The sarsen stones of the Stonehenge monument could have been designed as a calendar to track a solar year, with each of the stones in the large sarsen circle representing a day within a month
Stonehenge has long been thought to be an ancient calendar due to its alignment with the summer and winter solstices, but exactly how the calendar system worked was a mystery. Now a new analysis shows that it could have functioned like the solar calendar used in ancient Egypt, based on a year of 365.25 days, with each of the stones of the large sarsen circle representing a day within a month.
“It’s a perpetual calendar that recalibrates every winter solstice sunset,” says Tim Darvill of Bournemouth University, UK, who carried out the analysis. This would have enabled the ancient people who lived near the monument in what is now Wiltshire, UK, to keep track of days and months of the year.
The key to unlocking this calendar system came from the discovery in 2020 that most of the sarsen stones were quarried from the same location 25 kilometres away, and were placed at Stonehenge at around the same time.
“All except two of the sarsens at Stonehenge come from that single source, so the message to me was that they’ve got a unity to them,” says Darvill. This indicates that they were intended for a common purpose. To find out what, he looked for clues in the numbers.
The sarsens were arranged in three different formations at Stonehenge around 2500 BC: 30 formed the large stone circle that dominates the monument, 4 “station stones” were placed in a rectangular formation outside this circle, and the rest were constructed into 5 trilithons – consisting of two vertical stones with a third stone laid horizontally across the top like a lintel – located inside the stone circle.
“30, 5 and 4 are interesting numbers in a calendrical kind of sense,” says Darvill. “Those 30 uprights around the main sarsen ring at Stonehenge would fit very nicely as days of the month,” he says. “Multiply that by 12 and you get 360, add on another 5 from the central trilithons you get 365.” To adjust the calendar to match a solar year, the addition of one extra leap day every four years is needed, and Darvill thinks that the four station stones may have been used to keep track of this. In this system, the summer and winter solstice would be framed every year by the same pair of stones.
This Stonehenge calendar system “makes a lot of sense,” says David Nash at the University of Brighton, UK. “I like the elegant simplicity of it.”
Others are not so sure. “It’s certainly intriguing but ultimately it fails to convince,” says Mike Parker Pearson of University College London, UK.” The numbers don’t really add up – why should two uprights of a trilithon equal one upright of the sarsen circle to represent 1 day? There’s selective use of evidence to try to make the numbers fit.”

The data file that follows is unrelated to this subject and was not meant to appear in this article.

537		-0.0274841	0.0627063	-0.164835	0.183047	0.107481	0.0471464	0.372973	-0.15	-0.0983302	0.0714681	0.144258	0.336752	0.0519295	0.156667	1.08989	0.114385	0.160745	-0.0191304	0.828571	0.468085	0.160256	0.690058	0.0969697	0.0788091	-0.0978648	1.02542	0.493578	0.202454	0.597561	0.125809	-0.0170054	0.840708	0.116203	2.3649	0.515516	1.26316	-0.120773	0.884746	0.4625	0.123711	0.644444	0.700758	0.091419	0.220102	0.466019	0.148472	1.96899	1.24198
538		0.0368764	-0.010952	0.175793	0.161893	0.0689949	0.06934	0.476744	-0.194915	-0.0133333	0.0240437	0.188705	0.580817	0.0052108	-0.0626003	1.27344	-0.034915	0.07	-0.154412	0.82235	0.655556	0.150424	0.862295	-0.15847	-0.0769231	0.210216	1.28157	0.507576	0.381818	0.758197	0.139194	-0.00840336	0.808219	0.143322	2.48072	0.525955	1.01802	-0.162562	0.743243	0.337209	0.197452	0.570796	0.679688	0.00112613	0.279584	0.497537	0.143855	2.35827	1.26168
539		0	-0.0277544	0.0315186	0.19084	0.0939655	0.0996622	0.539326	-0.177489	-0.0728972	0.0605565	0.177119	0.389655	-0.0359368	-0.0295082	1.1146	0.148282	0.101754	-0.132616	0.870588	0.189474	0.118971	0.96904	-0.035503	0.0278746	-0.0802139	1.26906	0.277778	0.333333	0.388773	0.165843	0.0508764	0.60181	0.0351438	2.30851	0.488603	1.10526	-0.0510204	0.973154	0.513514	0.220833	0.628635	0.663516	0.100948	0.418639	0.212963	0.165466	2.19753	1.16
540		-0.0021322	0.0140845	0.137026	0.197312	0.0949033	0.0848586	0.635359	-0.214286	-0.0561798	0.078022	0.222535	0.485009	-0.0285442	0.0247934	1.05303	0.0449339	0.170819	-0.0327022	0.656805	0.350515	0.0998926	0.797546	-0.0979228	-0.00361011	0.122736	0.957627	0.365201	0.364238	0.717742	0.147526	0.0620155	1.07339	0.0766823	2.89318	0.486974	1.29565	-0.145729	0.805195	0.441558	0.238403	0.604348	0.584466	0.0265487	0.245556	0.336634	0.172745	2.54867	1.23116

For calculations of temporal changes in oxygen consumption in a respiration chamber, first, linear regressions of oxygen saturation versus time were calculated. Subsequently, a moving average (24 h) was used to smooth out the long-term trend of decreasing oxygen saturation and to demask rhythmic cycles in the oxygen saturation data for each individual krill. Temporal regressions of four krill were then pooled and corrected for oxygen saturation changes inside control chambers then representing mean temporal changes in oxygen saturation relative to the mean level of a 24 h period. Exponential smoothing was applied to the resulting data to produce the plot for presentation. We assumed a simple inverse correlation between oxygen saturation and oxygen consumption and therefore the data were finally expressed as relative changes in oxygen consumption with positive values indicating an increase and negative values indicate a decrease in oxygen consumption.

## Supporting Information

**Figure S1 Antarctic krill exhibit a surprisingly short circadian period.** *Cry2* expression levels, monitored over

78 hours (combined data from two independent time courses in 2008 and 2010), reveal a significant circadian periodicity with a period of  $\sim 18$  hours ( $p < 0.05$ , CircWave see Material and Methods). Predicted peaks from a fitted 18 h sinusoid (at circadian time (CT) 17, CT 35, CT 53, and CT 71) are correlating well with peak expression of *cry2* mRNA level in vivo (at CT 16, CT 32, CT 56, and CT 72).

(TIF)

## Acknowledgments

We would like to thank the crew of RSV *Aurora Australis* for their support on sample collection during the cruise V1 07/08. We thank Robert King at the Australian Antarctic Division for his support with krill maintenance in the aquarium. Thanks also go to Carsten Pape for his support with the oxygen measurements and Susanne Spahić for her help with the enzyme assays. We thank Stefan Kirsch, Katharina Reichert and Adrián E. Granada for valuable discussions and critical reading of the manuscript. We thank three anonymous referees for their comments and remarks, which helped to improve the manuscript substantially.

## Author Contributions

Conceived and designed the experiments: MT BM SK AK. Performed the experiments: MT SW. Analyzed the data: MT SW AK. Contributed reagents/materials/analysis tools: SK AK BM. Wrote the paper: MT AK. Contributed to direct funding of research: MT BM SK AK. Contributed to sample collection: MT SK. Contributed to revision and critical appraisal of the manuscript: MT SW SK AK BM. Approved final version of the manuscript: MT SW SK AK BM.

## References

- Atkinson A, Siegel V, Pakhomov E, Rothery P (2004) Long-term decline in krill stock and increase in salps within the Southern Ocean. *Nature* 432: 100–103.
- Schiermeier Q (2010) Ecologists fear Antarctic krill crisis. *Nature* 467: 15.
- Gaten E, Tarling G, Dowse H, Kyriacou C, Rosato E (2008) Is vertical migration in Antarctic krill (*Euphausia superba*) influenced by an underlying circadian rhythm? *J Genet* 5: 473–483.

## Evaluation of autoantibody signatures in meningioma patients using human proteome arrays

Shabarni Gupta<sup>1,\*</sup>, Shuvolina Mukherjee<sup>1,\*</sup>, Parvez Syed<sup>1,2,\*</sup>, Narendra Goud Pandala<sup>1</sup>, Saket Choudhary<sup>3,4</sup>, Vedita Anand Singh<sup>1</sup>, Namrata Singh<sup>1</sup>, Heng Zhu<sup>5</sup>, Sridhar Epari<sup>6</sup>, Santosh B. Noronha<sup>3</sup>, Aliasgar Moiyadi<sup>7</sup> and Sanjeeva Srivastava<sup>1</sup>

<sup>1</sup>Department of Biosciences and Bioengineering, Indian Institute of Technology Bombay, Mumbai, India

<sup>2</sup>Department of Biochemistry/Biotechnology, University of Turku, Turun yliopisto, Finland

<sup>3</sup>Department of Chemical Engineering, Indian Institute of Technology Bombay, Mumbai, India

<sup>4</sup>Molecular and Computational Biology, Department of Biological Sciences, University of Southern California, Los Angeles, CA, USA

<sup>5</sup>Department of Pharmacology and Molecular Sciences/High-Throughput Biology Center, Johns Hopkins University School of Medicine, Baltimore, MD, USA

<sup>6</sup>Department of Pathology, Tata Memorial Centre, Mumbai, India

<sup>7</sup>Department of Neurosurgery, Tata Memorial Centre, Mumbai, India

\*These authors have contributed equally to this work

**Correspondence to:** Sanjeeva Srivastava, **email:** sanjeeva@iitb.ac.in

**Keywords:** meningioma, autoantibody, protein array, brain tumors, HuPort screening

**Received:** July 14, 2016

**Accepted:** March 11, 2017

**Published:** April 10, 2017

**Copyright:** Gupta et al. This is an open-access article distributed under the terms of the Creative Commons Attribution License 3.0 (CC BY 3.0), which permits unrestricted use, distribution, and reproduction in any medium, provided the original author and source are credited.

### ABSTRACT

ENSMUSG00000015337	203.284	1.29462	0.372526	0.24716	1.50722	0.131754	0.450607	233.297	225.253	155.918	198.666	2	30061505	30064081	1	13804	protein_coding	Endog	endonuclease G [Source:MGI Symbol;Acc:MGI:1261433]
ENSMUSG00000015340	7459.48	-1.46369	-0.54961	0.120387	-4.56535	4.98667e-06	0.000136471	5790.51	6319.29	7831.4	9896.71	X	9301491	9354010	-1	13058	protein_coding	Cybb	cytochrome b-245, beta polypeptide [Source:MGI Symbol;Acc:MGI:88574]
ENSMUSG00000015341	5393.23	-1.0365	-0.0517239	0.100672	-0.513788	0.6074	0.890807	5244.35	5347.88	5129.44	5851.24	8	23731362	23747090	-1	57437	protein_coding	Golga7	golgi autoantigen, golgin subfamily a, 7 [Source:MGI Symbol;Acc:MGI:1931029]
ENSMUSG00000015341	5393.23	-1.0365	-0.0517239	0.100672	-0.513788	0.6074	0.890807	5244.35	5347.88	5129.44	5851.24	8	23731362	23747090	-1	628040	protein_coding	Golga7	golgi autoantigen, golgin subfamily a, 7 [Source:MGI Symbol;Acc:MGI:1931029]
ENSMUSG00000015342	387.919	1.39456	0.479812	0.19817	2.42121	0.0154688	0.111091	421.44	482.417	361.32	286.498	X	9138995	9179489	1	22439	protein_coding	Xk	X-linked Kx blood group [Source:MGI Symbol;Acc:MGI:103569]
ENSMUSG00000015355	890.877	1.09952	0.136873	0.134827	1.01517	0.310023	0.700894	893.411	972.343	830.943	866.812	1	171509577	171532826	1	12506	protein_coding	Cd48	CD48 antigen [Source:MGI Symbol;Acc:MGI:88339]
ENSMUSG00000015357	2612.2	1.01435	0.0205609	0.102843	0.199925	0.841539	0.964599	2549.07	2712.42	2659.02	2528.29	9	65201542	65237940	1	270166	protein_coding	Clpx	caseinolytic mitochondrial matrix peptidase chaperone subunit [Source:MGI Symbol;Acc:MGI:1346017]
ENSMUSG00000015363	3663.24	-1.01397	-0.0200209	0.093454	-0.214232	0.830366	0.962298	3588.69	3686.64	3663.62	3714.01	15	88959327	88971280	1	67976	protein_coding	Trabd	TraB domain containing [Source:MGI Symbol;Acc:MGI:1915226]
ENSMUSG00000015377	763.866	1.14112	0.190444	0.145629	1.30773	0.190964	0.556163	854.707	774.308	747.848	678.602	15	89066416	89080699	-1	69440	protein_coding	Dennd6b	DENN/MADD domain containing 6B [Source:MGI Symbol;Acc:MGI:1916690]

Although a calendar with 30-days months and an extra “intercalary” month of five days might not be familiar to us today, such a system was used in ancient Egypt from around 2700 BC and other solar calendars had been developed in the eastern Mediterranean region at around that time.
In the Egyptian calendar these five extra days were “very significant, religiously speaking,” says Sacha Stern, an expert in ancient calendars at University College London. This has led Darvill to think that the five trilithon structures at Stonehenge might have marked a five-day mid-winter celebration, an idea bolstered by the fact that the tallest stone at the monument, part of one of the trilithons, points to the sunrise on the midwinter solstice.
The similarity between the Stonehenge calendar and that used in ancient Egypt hints that the idea for the Stonehenge system may have come from afar. Recent archaeological finds support the idea of long-distance travel and trade around that time. Isotope analysis of the body of the Amesbury Archer, who was buried 5 kilometres from Stonehenge around 2300 BC, revealed that he was born in the Alps and came to Britain as a teenager, and a red glass bead found 2km from the monument appears to have been made in Egypt around 2000 BC.
However, Stern is not convinced by the argument that the Stonehenge calendar system originated elsewhere. “I wonder if you need to invoke the Egyptians. Why can’t we just imagine that [the people who built Stonehenge] created the whole system by themselves? They certainly knew when the solstice was, and from that point onwards you just have to count the days, and it won’t take long to figure out how many days you need in the year.”
Journal reference: Antiquity, DOI: 10.15184/aqy.2022.5
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